As I mentioned, the conversation may very well have broken down by this point. But these what if questions are the things that turn a cool observation into a conversation. That conversation is where we turn kids’ minds on.

Martine said that the day before February 0 would be February negative 1. Andy reports—and this is important—never having explicitly discussed negative numbers with Martine. No number lines, no backwards counting past 0.

But surely they have talked about the weather. Below-zero temperatures have been as common as snowflakes in Minnesota this year. Talking about the weather may have planted the idea. Then the calendar was an opportunity to make a connection.

All of this leads to two important ideas about talking math with kids:

1. It’s not a conversation until you, as a parent, participate. Martine noticed something (Jan. 31 could be Feb. 0). Andy turned it into a conversation when he asked about the previous day.
2. These conversations are facilitated by availability of objects. Turning the calendar became a learning opportunity for Andy and Martine. No calendar, no conversation.

And you can read about other conversations facilitated by objects in these previous posts:

# Days until Christmas

Each day, Griffin (9 years old) has taken great joy in setting the Countdown to Christmas cube calendar the kids recently received from my father and stepmother.

On Thursday, I was doing my end-of-semester grading from home and noticed after he had left that he had neglected to set it on his way to catch the bus to school. So I did.

My wife got Tabitha out the door later in the morning while I was at work in my basement office.

Later, I noticed that Tabitha (6 years old) had modified it.

Here I will pause to give readers a day or so to consider why. What might a 6-year-old have in mind that would cause her to remove the zero from in front of the six?

I asked her about it later on and we had a lovely conversation. I’ll report on that soon.

# The biggest number

I do not recall the beginning of this conversation, but I do recall that we were eating pizza at the dinner table when Tabitha anticipated my turn in the dicussion.

Tabitha (6 years old): I know what you’re going to say, Daddy. “Counting never ends.”

Me: I suppose that sounds like something I would say, yes.

T: What’s the biggest number, though? Googolplex?

Quick tutorial. A “googol”—spelled that way—refers to this number: $10^{100}$, or “a one followed by a hundred zeroes”.

$10,000,000,000,000,000,000,000,000,000,000,000,000,000,000,000,000,000,000,000,000,000,000,000,000,000,000,000,000,000,000,000,000,000$

It is, of course, a very big number. Far too big to be practical in any meaningful sense. The very idea of such a large number having a name is fascinating to children. Most children (in my experience) encounter one googol in their social interactions with other children. The googol does not appear in the Common Core State Standards.

A “googolplex” is $10^{10^{100}}$, or $10^{googol}$ or “a one followed by a googol zeroes”. You cannot write this number out in standard form.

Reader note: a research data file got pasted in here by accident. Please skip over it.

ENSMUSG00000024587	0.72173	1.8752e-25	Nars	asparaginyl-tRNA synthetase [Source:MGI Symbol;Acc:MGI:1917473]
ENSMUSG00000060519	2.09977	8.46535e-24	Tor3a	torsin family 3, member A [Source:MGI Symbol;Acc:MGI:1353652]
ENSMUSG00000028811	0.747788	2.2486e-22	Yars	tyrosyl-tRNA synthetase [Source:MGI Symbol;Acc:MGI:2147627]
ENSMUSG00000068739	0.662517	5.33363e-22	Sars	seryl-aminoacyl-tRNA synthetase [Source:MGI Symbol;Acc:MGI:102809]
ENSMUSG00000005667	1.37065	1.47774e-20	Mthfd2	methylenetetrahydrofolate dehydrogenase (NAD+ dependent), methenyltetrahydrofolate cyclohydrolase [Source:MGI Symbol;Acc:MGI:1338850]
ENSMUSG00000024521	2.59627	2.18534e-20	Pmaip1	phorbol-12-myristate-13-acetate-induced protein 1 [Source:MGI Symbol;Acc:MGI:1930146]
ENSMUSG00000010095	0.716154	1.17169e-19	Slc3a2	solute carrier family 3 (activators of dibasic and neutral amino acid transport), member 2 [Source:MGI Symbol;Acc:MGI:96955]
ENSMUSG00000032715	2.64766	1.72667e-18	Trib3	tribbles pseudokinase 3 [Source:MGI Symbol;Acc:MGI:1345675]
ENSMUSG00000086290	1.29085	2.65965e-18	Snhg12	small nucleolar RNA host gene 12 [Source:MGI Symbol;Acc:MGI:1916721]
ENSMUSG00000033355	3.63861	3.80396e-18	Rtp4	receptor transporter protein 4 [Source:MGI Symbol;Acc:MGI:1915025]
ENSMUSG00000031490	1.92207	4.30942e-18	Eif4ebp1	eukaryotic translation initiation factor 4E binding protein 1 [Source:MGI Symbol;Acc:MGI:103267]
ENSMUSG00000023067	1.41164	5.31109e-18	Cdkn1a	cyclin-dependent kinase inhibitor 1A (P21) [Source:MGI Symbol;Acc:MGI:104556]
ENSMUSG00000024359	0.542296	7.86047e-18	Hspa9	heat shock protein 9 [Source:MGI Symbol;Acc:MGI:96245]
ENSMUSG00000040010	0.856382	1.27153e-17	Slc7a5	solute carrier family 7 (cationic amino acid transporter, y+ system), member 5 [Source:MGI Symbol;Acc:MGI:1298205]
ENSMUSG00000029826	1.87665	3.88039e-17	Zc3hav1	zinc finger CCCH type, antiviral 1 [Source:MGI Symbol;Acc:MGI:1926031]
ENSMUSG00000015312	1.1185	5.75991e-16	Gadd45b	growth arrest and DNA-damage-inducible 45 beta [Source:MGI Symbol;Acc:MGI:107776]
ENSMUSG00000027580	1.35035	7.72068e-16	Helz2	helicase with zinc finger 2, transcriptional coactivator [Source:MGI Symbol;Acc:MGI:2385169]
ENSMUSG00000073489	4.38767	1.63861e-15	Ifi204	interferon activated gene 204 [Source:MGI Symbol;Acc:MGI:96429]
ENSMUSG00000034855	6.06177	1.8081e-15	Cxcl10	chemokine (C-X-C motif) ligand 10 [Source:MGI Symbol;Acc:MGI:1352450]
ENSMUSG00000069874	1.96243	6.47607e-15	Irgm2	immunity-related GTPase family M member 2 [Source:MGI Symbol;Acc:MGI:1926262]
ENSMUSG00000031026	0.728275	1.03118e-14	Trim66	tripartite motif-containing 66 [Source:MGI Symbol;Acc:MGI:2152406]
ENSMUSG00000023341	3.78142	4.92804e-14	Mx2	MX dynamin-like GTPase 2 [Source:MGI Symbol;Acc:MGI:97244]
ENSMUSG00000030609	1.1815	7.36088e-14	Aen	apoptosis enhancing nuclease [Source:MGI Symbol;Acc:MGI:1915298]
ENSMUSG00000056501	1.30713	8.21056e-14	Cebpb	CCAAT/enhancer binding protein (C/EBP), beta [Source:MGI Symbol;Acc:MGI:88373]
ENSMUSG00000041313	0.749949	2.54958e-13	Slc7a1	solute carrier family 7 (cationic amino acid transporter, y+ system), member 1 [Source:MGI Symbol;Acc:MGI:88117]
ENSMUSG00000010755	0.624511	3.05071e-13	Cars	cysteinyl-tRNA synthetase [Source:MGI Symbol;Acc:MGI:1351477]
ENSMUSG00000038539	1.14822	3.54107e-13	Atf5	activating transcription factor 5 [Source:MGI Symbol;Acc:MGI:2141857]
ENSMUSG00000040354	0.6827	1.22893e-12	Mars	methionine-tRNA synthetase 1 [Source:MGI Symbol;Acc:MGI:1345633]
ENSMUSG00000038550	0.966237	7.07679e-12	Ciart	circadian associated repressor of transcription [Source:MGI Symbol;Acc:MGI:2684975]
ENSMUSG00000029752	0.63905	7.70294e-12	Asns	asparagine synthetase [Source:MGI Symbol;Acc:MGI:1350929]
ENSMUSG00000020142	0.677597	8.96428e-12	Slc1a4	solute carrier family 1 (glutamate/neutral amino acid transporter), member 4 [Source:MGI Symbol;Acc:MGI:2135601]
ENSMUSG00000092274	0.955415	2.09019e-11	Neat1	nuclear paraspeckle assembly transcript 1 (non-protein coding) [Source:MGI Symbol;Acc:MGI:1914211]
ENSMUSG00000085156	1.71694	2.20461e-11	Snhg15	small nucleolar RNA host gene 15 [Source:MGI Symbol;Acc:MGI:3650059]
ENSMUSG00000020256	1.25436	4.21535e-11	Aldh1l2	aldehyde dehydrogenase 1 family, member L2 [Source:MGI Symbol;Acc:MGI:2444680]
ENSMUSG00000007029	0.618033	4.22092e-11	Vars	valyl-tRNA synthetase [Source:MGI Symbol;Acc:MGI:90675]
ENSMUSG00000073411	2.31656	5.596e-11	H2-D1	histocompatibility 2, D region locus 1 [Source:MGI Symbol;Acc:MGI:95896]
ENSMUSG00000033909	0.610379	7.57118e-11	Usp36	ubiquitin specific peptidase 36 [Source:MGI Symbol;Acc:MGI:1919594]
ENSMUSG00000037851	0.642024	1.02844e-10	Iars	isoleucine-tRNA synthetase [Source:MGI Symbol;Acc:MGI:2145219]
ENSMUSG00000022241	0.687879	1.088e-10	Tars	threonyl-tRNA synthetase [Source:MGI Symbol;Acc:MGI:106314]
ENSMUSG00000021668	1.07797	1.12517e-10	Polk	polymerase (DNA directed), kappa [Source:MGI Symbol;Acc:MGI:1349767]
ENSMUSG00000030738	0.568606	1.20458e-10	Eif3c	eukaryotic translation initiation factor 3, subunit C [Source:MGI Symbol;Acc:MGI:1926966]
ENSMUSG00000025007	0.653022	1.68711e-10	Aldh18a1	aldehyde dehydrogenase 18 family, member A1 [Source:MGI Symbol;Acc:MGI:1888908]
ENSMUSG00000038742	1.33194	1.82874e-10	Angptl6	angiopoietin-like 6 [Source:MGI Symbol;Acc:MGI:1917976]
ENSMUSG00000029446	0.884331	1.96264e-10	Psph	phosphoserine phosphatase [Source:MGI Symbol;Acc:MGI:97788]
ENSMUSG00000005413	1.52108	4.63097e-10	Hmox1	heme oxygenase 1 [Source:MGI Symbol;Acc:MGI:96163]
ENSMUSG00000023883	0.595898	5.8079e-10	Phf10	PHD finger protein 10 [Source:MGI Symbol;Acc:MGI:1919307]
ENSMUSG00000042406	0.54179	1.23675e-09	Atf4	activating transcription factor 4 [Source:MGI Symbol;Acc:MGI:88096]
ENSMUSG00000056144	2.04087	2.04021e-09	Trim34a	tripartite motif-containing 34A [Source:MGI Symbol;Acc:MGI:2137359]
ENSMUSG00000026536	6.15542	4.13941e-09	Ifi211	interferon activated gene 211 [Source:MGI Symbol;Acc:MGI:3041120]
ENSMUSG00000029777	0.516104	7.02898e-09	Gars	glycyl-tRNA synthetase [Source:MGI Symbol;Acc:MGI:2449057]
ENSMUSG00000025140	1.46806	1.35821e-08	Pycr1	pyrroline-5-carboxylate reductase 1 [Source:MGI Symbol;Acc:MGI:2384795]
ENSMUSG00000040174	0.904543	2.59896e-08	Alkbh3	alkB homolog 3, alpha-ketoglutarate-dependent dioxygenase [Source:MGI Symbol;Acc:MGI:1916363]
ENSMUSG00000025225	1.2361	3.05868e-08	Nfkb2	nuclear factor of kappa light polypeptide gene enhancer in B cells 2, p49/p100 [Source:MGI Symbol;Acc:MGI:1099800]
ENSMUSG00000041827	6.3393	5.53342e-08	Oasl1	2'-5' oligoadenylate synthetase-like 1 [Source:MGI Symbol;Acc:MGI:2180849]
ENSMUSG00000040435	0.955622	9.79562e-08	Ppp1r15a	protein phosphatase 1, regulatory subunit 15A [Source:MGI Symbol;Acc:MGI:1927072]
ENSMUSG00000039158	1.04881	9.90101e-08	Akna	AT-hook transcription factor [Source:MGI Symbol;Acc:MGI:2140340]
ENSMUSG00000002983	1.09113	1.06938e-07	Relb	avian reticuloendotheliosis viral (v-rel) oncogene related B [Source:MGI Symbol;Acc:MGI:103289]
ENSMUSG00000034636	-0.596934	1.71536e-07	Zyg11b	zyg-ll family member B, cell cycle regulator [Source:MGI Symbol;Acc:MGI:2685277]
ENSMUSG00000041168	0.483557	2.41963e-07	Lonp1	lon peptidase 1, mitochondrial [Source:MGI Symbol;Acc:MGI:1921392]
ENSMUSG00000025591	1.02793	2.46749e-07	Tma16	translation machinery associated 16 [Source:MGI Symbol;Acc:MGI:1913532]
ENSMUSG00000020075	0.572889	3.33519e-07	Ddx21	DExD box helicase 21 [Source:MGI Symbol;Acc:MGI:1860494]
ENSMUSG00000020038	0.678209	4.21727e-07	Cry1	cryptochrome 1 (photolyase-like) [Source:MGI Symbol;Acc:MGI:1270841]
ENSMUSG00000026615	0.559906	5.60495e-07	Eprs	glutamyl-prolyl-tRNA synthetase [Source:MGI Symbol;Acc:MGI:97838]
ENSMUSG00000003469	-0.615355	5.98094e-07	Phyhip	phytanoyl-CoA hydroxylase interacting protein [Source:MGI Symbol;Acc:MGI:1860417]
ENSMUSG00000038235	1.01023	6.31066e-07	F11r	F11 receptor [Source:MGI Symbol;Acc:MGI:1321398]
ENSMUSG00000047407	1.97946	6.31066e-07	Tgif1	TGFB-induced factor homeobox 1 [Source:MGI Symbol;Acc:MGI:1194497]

You may Google googol for lots of interesting characterizations of how extremely silly this very large number is.

For example, you will not live for one googol seconds.

Indeed, the universe has not existed for one googol seconds (not even by the greatest estimates of its age—not even close).

You get the idea.

Me: Well, like you said I would say, counting never ends, so no googolplex is not the biggest number.

T: If you counted by 10,000 could you ever get to googolplex in your life?

Me: No.

T: If you counted by 11,000?

Me: No.

T: 12,000? 13,000?

Me: No. Even if you counted by googol, you couldn’t get to googolplex in your lifetime.

T: Well, what if you counted by googolplex?

Me: Well sure. It would the start of your count, wouldn’t it?

She decides to demonstrate this (Side note, we have been counting by various numbers of late).

T: Googolplex.

She smiles broadly, congratulating herself for successfully counting to what she has perceived to be the largest number.

We discuss further the existence of a largest number. Then Tabitha makes a claim that takes us in a different direction.

T: Eventually, numbers just go back to the beginning.

Me: So if you keep counting, you get to zero?

T: No.

Me: One?

T: No, Daddy! Don’t you remember there are numbers before zero?

# So what do we learn?

Big numbers are fun. Boy howdy are big numbers fun. Children love to talk about the biggest number, and whether one exists. There is all kinds of lovely thinking going on when they ask these kinds of questions.

Talking about big numbers often leads to talking about infinity. If there is no biggest number, it is because numbers go on forever. The only thing Tabitha has experience with that goes on forever is a loop. She drew on that loop metaphor in imagining that numbers go back to the beginning eventually.

# Starting the conversation

Listen for the biggest number talk. It often surfaces when children are comparing their athletic prowess (I can jump 2 sidewalk squares! I can jump 100 sidewalk squares! Pretty soon, someone is claiming to be able to jump googol or infinity sidewalk squares.)

When it surfaces, support it. Play and explore with your child. Answer questions. Ask questions. Talk about it and have fun. Look stuff up together when the questions go past your own knowledge. Shoot me a question here at Talking Math with Your Kids if I can answer any of those for you.